REVIEW: Band-O-Rama: Let’s Go BOO!


The School of Music, Theatre, and Dance here at Michigan is renown for their fantastic faculty and wonderful performing ensembles. Band-O-Rama, an annual showcase of the School’s wind ensembles gave us a mouthful of praise for these ensembles.

The night started off with the University Concert Band, led by Courtney Snyder, as they played a Sousa-esque march in ‘Michigan on Parade,’ ‘Blues for a Killed Kat,’ and Mackey’s Redline Tango.’ The University Symphony Band soon took over. Under the direction of longtime Director of Bands, Michael Haithcock, The Symphony Band played a few excerpts from works such as Tchaikovsky’s ‘The Snow Maiden,’ and Puccini’s ‘LeVilli.’ To finish it off, they played a rousing rendition of the great ‘Victor’s Valiant.’


The crowd came to a hush as the drumline entered the stage. They were standing in their traditional set when the lead snare started giving taps, signaling that the band was about to enter.

The MMB onstage at Hill Auditorium
The MMB onstage at Hill Auditorium, Courtesy of the MMB

Soon after, around 300 disciplined Michigan Marching band men and women rushed onto the stage from the aisles, in a style in which their thighs were parallel with the ground (this style is usually referred to as ‘entries’).  The aerobic exercise these people were getting could be deduced from the visible sweat pouring from their faces. It was impressive to say the least. A seemingly grueling two and a half minutes went by, as all of the members made their way onstage. After everyone was in their calculated spot, director John Pasquale gave a large motion downbeat, signaling the band to play the M Fanfare. Audience members that were aware of the tradition associated with the playing of the M Fanfare raised their right fist in a reverent salute, while the unaware soon followed suit. The culmination of the last fermata led right into a playing of The Victors, thus fully grabbing and engaging the audience for the rest of the night. Over the course of the MMB’s performance, they played songs from their recent halftime shows, such as Kesha’s ‘Timber,’ Lady Gaga’s “Edge of Glory,’ swing tunes such as Christina Aguilera’s “Candyman,” Tchaikovsky’s ‘1812 Overture’ (yes, that one!), and the traditional ‘Little Brown Jug.’ A real treat, as always, was when the Drumline came center stage to play their cadences and specific repertoire. In addition to giving the brass a break for their embouchure’s sake, the Drumline cranked out highly impressive performances of their parade cadence and step show, showcasing their high level of talent and expertise to an eager audience. The event then closed off with the standard combination of ‘Temptation’ and ‘Hawaiian War Chant,’ “because you can’t have one without the other,”  and a beautiful rendition of the Alma Mater followed by ‘The Victors.’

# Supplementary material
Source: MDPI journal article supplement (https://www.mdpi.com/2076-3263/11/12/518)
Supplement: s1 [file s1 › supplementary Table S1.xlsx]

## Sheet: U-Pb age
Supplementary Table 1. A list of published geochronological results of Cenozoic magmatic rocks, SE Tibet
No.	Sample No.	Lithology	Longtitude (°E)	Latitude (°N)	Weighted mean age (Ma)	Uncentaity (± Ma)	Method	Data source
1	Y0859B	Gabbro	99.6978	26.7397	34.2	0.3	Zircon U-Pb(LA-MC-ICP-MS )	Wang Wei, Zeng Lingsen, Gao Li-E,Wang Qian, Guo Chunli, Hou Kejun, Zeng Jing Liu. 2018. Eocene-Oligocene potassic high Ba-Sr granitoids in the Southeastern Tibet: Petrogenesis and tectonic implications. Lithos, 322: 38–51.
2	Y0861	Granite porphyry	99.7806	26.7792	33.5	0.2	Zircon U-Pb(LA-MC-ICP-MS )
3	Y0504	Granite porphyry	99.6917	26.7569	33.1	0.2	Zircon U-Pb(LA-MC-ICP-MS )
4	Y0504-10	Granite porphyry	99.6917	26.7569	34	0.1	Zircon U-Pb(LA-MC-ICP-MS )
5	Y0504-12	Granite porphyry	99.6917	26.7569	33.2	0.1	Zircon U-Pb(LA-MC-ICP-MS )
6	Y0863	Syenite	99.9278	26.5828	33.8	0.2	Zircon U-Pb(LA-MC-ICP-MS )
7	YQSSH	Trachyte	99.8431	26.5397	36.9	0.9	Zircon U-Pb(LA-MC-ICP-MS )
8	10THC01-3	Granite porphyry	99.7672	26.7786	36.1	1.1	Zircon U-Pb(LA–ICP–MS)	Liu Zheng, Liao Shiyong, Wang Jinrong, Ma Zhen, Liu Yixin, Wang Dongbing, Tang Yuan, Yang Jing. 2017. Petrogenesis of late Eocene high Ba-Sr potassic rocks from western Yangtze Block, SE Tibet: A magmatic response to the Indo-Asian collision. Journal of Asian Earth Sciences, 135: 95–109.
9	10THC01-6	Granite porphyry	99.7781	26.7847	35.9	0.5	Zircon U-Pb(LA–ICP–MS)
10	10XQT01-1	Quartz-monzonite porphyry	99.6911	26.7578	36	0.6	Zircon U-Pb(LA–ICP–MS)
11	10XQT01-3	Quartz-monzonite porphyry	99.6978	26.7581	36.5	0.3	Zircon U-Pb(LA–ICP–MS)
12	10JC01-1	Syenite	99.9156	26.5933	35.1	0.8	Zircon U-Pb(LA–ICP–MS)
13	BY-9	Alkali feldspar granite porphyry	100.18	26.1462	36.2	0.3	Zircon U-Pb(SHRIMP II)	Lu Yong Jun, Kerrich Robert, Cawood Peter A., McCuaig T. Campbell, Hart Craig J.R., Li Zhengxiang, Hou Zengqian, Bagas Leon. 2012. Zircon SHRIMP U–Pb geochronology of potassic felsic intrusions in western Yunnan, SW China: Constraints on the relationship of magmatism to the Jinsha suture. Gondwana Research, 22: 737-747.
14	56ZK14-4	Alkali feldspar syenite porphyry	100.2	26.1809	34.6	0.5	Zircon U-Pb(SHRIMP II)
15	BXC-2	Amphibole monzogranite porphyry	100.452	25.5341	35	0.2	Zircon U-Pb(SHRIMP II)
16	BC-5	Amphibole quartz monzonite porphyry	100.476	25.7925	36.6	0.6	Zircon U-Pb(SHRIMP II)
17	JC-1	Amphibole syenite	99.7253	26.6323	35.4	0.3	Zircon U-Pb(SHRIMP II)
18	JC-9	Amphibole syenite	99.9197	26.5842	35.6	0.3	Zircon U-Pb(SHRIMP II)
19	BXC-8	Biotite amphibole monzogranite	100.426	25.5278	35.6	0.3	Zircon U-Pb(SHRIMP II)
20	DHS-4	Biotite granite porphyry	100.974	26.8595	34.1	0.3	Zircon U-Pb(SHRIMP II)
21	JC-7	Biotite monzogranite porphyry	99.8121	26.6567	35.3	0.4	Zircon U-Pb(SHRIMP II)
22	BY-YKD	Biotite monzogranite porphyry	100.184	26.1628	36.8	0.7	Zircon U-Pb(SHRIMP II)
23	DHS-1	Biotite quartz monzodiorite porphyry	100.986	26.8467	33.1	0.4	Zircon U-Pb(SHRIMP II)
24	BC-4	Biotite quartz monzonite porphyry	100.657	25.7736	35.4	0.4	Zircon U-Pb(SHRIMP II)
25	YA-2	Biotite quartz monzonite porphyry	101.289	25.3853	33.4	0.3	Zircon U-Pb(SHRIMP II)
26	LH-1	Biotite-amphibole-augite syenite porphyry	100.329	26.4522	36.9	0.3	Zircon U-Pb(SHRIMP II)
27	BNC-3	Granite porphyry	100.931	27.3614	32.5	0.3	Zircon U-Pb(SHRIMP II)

PREVIEW: Band-O-Rama: Let’s Go Boo!

Band-O-Rama poster courtesy of The SMTD

Who: The University of Michigan Marching Band, Symphony, and Concert Bands

What: Band-O-Rama concert

Where: Hill Auditorium

When: Friday, October 31st, 8 p.m.